The children learn that she is the mother of a boy who had been adopted by a different foreign couple a few months earlier. In an encounter with "the Italian" at the bus stop, she explains that she had recently realized that she had no one in the world except her boy, so she had traveled to the orphanage with the intention of taking her son back. "The Italian" answers her questions about the boy, reassuring her that the couple was very kind, and her son is almost certainly not slaving away in a foreign sweatshop.*

The news at the orphanage the next day is that the mother is dead. It isn't clear to the children whether she threw herself in front of a train, or simply drank too much and lost her balance on the platform, and they debate it hotly. For "the Italian", it sounds an alarm. What if his mother remembers him after he has left Russia and comes looking for him?

He decides to find her. For this, he needs to learn where she lives, which means he needs information that only the director of the orphanage knows. The director of the orphanage is in no mood to help him. First, he points out, it would ruin the chances of the other children; who would come to the orphanage in the future if there was no assurance that the child you saw and agreed to adopt would not change his mind? Second, he does not point out, he takes a cut of the fees that the couples pay to an immensely unscrupulous agent, which he uses to support his alcoholism. ("He stayed drunk for an entire week after the last adoption," one orphan remarks.)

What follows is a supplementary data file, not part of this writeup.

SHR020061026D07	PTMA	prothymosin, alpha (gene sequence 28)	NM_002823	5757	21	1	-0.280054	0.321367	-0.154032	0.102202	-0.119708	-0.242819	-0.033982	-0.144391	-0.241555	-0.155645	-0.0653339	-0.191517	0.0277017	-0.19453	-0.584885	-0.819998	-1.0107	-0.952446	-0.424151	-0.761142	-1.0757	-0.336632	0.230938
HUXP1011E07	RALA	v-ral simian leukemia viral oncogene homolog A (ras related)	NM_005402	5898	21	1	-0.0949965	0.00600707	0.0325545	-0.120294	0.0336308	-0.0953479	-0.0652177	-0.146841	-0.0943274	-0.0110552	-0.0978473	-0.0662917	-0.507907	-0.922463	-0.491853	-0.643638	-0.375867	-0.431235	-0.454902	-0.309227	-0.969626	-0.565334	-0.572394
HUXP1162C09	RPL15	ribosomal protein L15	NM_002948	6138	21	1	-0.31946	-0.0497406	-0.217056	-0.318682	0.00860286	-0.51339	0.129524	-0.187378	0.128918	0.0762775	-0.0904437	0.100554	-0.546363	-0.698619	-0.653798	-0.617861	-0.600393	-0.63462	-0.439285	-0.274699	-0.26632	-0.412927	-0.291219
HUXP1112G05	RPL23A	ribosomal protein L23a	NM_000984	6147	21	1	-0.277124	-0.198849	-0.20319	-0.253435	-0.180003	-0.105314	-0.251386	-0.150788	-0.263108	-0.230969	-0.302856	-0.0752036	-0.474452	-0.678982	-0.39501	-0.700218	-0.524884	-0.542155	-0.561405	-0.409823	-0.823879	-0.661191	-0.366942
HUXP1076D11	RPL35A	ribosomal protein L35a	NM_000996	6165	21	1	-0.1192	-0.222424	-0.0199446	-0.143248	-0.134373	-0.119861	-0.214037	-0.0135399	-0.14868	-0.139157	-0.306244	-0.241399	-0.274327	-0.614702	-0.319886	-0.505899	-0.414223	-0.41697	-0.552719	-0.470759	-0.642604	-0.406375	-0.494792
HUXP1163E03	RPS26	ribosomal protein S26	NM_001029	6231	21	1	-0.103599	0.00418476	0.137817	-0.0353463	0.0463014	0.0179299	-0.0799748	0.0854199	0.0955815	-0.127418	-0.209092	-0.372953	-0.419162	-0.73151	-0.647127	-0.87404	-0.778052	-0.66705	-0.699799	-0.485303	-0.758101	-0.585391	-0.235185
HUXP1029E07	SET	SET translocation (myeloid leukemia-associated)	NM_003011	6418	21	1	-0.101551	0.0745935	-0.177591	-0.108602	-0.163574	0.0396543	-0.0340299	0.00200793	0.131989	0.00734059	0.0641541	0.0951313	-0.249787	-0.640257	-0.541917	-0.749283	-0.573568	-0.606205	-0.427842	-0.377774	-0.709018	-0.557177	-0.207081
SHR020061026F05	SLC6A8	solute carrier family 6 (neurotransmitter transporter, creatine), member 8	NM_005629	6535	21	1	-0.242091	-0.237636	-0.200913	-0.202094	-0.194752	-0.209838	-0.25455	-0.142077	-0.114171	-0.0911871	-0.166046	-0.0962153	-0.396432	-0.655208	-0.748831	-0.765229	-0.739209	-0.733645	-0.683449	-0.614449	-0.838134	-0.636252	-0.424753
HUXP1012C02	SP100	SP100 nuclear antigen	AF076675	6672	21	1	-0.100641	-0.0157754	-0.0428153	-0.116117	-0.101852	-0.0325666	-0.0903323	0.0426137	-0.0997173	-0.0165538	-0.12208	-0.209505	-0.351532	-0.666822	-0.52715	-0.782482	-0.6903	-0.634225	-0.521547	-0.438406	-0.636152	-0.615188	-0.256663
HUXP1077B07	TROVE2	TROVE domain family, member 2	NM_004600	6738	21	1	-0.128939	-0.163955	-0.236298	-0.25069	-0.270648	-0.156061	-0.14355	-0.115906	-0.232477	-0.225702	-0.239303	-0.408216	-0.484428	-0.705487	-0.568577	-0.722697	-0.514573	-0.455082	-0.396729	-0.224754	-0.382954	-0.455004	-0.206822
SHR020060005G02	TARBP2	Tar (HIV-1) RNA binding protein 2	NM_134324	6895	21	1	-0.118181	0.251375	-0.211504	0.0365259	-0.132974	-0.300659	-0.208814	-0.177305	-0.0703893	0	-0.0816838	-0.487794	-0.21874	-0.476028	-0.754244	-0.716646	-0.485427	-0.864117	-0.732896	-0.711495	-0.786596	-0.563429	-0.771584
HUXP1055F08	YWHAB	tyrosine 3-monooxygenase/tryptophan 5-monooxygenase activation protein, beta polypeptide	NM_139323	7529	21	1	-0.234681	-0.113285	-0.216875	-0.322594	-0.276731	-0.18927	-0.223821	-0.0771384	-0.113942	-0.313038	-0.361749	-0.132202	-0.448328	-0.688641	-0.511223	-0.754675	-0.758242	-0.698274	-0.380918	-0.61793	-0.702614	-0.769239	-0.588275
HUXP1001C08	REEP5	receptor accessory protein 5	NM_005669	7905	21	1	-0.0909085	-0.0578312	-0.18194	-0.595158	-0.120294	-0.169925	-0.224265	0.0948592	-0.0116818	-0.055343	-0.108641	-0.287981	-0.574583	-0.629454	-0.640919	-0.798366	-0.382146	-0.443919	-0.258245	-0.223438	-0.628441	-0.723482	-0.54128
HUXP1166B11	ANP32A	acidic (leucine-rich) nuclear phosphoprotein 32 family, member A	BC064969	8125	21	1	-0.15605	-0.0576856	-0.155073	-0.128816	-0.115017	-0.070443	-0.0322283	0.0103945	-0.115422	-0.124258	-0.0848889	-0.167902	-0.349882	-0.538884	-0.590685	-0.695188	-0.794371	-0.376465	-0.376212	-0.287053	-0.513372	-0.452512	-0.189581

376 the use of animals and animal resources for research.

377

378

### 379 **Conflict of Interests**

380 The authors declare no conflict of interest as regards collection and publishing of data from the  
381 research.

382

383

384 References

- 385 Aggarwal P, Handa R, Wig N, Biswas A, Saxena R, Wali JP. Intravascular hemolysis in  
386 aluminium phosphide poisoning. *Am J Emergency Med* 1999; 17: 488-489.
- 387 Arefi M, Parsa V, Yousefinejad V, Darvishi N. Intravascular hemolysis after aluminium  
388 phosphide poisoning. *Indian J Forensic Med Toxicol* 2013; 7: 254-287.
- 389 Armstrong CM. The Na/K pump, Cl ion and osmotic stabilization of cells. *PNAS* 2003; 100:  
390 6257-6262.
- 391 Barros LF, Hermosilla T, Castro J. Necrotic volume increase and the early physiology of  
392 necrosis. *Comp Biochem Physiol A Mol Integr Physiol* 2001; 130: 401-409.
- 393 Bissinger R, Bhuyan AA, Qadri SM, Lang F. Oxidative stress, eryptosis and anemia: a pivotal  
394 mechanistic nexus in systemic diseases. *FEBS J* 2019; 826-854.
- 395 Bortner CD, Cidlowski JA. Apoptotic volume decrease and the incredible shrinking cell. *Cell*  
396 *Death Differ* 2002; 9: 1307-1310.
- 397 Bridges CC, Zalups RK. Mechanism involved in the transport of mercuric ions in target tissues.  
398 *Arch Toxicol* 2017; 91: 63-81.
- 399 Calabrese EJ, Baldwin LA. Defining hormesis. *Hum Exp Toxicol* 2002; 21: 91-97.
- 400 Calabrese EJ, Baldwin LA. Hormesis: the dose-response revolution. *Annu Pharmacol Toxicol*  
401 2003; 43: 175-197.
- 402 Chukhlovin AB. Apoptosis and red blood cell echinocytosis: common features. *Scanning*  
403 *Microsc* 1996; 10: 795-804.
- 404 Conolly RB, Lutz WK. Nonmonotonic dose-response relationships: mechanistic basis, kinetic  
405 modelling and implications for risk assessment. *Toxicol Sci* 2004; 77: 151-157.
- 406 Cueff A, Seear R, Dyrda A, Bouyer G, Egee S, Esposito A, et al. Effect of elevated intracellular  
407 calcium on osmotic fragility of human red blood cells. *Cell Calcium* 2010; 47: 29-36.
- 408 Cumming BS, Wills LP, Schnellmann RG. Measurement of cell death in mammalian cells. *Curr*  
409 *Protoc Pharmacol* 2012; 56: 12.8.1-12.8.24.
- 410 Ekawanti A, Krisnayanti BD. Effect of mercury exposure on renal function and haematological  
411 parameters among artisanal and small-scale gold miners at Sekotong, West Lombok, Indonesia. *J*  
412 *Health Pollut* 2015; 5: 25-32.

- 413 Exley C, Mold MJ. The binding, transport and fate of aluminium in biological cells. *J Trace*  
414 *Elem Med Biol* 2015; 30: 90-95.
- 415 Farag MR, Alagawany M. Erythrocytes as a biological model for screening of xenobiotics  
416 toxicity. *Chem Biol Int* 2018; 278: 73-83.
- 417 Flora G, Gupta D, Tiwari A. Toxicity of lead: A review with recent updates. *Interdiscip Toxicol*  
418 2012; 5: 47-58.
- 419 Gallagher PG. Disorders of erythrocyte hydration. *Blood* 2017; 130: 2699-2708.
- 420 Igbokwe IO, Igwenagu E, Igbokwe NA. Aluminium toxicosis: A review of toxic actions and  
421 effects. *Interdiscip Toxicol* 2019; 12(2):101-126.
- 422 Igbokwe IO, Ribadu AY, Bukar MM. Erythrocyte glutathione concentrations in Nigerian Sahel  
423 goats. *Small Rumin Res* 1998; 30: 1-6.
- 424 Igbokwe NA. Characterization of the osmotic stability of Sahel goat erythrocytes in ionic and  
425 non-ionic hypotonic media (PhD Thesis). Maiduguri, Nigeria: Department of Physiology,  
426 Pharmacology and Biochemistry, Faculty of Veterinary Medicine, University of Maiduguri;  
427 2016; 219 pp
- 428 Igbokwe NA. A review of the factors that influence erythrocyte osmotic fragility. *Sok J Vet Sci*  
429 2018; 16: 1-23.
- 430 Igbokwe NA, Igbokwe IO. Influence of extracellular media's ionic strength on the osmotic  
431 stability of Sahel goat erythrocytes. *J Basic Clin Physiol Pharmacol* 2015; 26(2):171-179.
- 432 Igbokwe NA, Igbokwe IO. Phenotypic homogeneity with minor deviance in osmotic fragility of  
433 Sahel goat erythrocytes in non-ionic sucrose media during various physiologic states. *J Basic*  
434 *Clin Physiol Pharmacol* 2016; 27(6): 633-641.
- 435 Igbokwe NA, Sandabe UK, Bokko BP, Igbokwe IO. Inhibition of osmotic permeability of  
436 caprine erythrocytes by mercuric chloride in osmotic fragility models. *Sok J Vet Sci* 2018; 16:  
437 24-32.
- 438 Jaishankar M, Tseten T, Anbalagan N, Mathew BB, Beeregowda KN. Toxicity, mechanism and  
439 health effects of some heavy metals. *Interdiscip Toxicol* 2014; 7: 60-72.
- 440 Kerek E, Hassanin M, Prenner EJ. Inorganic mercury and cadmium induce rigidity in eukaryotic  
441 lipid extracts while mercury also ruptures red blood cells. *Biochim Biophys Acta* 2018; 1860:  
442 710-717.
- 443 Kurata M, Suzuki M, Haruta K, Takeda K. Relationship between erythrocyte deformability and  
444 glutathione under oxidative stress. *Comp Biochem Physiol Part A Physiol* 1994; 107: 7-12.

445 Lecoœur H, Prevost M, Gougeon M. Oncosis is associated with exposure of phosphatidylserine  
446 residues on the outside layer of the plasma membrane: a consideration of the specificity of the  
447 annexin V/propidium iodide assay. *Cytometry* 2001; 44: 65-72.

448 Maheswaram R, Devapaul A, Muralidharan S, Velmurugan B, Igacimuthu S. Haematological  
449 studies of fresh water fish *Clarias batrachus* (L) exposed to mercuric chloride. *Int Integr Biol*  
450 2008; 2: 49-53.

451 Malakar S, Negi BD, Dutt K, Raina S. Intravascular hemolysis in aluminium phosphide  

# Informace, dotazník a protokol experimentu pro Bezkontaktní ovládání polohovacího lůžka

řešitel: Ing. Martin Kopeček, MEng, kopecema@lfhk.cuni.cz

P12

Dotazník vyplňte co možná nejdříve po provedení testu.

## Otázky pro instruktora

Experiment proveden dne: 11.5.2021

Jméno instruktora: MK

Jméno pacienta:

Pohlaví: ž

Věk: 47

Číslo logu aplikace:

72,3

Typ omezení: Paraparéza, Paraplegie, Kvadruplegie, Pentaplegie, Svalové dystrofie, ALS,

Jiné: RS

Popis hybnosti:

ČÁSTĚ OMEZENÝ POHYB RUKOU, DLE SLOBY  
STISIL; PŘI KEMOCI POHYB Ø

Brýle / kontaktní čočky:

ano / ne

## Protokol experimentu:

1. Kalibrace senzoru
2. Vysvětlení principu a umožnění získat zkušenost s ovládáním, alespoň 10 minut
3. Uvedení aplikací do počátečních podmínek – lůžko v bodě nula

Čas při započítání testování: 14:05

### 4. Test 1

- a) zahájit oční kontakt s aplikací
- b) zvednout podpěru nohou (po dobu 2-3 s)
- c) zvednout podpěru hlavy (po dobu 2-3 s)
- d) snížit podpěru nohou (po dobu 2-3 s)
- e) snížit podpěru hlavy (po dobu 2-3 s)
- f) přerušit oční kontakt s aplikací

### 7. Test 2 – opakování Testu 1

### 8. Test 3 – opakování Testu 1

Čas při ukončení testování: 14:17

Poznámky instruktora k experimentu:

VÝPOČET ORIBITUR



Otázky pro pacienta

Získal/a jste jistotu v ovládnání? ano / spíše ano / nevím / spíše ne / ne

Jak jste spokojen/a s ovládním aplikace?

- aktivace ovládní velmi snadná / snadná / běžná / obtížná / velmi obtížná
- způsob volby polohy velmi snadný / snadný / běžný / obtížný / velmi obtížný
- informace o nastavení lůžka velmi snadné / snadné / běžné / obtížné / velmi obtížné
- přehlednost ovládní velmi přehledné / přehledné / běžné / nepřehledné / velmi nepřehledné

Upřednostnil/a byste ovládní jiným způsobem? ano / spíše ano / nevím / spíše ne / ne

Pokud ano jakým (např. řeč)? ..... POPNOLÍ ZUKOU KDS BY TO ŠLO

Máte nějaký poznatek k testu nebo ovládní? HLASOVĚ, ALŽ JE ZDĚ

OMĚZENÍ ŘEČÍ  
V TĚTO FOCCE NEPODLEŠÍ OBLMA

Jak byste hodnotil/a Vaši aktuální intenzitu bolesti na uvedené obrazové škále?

He's not actually a bad man, but incredibly corrupted by his alcoholism. To him we owe one of my favorite lines in the film,

&emdash;Do you know the name Gagarin?


&emdash;Ah, of course. Why would you?
The point is that in today's Russia, people do not value the genuinely great accomplishments Russians have achieved throughout history. A sense of living in a failed state pervades the film; the director of another orphanage remarks that The country's going to hell.